16 February 2018
USC and Sunshine Coast Council have launched a “Look after our mob” campaign at Sippy Downs in a bid to conserve the local kangaroo populations.
The campaign calls on the community to play its part in protecting kangaroos by driving slowly and carefully on and around the USC campus and nearby schools, particularly along Sippy Downs Drive and at dawn and dusk.
“As part of an ongoing research project, we have been monitoring the kangaroo populations here with the help of volunteers from USC and the wider community,” USC kangaroo researcher Beth Brunton said.
“The kangaroo population in the area has reduced from around 90 kangaroos in 2010 to no more than 15 kangaroos today, and the mob is now at risk of disappearing altogether.
“Our research has shown that this decline has been due mostly to kangaroos being hit by cars.”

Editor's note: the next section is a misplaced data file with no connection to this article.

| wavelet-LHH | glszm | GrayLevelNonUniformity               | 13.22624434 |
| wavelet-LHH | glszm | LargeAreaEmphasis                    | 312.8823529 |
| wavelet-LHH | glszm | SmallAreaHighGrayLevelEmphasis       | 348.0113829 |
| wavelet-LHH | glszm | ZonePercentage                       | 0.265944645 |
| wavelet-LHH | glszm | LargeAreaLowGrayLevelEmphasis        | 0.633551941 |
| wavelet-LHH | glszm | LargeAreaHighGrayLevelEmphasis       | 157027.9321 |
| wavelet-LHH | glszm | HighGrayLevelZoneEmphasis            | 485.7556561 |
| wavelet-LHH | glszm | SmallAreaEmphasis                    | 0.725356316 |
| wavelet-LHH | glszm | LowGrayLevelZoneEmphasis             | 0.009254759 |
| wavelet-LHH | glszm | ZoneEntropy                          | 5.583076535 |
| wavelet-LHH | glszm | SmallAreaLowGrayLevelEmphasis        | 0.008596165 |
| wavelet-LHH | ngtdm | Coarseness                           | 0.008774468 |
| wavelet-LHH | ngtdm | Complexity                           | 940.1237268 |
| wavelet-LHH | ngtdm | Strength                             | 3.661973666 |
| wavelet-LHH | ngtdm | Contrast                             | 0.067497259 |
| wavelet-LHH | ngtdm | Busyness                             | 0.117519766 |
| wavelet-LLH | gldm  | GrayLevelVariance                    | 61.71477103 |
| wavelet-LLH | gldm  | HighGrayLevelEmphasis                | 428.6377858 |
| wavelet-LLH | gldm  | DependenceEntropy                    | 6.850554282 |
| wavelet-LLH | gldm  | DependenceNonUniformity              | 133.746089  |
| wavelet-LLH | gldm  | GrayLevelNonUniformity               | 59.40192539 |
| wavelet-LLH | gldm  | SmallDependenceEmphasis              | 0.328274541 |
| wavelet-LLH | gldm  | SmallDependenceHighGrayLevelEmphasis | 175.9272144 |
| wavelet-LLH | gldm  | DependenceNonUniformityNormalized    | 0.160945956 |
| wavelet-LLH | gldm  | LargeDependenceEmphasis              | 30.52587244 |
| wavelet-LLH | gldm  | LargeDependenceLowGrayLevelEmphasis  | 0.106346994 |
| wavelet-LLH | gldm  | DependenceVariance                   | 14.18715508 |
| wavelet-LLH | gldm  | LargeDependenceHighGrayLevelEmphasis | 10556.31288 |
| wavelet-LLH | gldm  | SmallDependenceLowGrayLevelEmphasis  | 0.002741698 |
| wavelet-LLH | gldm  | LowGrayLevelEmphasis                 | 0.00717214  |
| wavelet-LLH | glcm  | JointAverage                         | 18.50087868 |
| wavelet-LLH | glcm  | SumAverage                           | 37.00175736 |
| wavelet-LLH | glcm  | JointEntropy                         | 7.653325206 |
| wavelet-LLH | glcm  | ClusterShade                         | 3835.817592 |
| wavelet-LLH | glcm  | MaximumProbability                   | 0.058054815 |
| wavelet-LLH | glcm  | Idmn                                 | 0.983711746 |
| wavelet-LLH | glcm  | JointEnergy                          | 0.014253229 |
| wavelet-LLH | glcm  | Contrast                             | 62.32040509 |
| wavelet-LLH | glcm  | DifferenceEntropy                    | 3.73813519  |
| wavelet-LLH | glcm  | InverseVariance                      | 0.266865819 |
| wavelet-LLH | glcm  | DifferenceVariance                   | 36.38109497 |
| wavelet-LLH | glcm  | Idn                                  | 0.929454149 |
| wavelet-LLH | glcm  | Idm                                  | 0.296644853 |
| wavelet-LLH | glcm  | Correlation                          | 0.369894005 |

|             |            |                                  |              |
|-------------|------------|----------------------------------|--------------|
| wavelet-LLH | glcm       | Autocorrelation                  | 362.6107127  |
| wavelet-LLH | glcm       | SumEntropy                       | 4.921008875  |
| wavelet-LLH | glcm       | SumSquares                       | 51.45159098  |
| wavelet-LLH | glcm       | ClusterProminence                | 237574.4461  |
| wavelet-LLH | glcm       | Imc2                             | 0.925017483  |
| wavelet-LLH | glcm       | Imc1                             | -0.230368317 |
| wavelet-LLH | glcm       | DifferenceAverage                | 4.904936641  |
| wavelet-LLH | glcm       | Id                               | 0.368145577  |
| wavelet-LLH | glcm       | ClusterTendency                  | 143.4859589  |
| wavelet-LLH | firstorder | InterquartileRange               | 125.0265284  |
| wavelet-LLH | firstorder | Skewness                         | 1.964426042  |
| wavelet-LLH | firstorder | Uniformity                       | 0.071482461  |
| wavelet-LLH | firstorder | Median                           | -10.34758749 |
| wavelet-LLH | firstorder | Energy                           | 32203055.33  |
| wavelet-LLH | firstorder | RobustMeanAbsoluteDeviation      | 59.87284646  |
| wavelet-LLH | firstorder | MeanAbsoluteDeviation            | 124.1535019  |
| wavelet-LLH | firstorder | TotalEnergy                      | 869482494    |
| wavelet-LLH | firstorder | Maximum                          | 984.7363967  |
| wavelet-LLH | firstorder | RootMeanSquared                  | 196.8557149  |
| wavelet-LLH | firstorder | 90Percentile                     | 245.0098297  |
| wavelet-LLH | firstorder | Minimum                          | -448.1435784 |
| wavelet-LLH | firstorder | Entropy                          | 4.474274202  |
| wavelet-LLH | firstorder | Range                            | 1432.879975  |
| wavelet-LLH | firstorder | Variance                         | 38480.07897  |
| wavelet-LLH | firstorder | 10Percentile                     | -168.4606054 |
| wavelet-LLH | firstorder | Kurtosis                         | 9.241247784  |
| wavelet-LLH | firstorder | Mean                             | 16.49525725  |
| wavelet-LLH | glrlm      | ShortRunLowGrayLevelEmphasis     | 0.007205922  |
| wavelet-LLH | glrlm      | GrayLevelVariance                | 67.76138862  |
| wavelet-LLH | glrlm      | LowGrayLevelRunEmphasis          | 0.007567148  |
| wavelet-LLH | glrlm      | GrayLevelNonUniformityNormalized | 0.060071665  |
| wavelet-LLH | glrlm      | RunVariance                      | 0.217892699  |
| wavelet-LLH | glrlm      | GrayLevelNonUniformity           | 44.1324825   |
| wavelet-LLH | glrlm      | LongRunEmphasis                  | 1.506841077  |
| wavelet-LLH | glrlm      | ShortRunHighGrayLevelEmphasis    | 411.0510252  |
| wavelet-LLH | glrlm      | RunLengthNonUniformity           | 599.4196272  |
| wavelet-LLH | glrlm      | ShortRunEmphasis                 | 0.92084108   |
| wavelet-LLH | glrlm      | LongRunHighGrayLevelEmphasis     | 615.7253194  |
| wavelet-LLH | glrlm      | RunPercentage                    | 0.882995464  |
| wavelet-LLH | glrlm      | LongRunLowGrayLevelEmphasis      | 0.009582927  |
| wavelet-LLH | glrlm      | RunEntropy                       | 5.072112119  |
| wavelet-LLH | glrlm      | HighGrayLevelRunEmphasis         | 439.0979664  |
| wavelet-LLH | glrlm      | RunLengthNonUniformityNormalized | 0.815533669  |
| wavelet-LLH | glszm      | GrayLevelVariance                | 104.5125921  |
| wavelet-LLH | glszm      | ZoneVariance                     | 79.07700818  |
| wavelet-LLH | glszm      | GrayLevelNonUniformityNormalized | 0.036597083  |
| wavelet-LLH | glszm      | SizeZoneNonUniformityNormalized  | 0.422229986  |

Ms Brunton said several strategies had been put in place at USC to reduce collisions with kangaroos, including the installation of road signage and speed bumps, and an awareness-raising campaign for staff and students.
“What’s happening with this kangaroo population is just one example of a wider issue in South East Queensland, where kangaroo populations have declined by up to 40 percent since 2000,” she said.
She said Sunshine Coast Council’s recent work to cut back vegetation along Sippy Downs Drive would help improve visibility for motorists and safety for kangaroos.
Sunshine Coast Council CEO Michael Whittaker said council would continue to partner with the university to investigate and trial some best practice options for addressing public concerns regarding kangaroo road deaths.
— Terry Walsh